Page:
Saturday, May 31, 2008

Socratic Philosophers Starting From False Premises

The Socratic Society (HERE) announces it next Discussion Group on 3 June – “Ethics and Economics”:

Adam Smith, a Scottish moral philosopher and political economist, wrote one of the most influential pieces for market based economics. In ‘The Wealth of Nations’ (1776), he held that the ‘invisible hand’ of the market, along with free trade in a laissez-faire system, was the most desired method of organising and structuring an economy and is still taught in economics. However, Smith included certain moral restraints within this piece which have largely been forgotten today.

Economics has also taken some of its most important theoretical material from Utilitarianism, created by Jeremy Bentham and John Stuart Mill, which is the idea that the moral value of an action is determined solely by its contribution to the overall utility in maximizing happiness or pleasure of the greatest number. There is clearly a link between the two disciplines both in their origins and in their intended purposes. But in today’s consumerist society is this link still visible or has the increasing desire for economics to be seen as a scientific subject created a gap that is now too wide to recover from and is there a need for ethical considerations in the area or economics or should we leave the market alone?”


Comment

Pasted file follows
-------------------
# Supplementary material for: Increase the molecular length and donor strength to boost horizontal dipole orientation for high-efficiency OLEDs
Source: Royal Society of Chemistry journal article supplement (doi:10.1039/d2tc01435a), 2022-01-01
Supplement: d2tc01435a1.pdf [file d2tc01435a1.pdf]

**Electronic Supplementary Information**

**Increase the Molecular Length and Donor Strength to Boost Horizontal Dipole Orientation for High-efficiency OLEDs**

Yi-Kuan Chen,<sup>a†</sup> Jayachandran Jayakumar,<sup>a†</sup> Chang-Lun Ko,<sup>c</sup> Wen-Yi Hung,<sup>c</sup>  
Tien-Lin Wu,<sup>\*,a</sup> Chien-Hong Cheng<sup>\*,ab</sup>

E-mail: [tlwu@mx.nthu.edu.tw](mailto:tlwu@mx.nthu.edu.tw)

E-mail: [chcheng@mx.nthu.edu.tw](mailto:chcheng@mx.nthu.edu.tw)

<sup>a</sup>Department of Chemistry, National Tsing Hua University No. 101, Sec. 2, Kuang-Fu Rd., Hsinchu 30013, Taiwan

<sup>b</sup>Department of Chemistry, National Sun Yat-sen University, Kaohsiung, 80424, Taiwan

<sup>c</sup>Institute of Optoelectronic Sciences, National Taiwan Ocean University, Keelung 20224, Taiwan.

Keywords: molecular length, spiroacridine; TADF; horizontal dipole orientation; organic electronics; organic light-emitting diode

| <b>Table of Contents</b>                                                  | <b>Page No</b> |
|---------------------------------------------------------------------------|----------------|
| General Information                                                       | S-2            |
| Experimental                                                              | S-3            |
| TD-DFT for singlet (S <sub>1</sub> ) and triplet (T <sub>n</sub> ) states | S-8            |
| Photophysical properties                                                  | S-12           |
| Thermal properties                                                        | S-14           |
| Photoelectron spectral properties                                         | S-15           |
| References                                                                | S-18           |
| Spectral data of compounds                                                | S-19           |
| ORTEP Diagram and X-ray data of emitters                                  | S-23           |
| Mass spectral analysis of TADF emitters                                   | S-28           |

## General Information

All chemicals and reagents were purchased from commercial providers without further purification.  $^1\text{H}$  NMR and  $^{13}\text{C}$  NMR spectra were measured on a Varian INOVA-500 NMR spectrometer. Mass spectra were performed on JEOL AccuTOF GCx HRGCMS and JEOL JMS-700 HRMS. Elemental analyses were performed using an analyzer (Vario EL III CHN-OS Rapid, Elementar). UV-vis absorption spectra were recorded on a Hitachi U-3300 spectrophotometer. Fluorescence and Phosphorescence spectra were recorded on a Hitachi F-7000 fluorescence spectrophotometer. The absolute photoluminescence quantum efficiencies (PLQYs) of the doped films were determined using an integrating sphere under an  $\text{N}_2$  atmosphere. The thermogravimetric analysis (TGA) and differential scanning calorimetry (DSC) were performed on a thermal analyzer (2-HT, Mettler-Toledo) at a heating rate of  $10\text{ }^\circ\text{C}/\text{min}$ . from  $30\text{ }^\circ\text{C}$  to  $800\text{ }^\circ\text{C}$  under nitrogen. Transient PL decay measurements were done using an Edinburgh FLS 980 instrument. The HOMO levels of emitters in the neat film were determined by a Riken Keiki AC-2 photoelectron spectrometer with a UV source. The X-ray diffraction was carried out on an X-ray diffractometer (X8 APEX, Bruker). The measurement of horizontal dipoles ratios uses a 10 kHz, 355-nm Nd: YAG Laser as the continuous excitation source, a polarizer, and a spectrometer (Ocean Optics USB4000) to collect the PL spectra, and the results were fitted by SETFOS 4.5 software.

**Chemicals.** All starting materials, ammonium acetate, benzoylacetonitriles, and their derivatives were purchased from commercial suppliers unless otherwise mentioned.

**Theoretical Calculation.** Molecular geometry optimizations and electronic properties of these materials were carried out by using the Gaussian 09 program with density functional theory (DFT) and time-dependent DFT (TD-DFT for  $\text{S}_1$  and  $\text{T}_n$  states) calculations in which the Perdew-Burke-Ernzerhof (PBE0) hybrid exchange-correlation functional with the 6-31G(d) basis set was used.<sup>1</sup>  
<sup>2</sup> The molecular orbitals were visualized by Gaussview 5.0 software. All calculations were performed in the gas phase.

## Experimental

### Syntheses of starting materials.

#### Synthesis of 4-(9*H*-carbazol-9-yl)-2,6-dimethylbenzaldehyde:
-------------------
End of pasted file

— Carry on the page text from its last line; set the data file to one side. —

Memories of late-night undergraduate philosophy debates remind me that there is something in it about the conclusion being only as good as the premise (or was that a logic debate?).

Adam Smith did not say anything about or similar to “the ‘invisible hand’ of the market, along with free trade in a laissez-faire system, was the most desired method of organising and structuring an economy and is still taught in economics”.

The metaphor of ‘an invisible hand’ did not refer to markets, nor was it mentioned in his chapters (Books I and II) on markets, and neither did he refer to ‘laissez-faire’ anywhere in anything he wrote.

Despite these facts, the only part of the first sentence that is true that the myth of the invisible hand and the words laissez faire are “still taught in economics”.

But they have nothing to do with Adam Smith on markets and are only believed to be so because repeaters of the canard have not read Adam Smith’s Wealth Of Nations, but have copied what their tutors (who almost certainly have not read him either) told them.

Not a good start for a philosophy debate, I should think.

1 Comments:

Blogger alex said...

"Not a good start for a philosophy debate, I should think."

Exactly! :D

12:39 pm  

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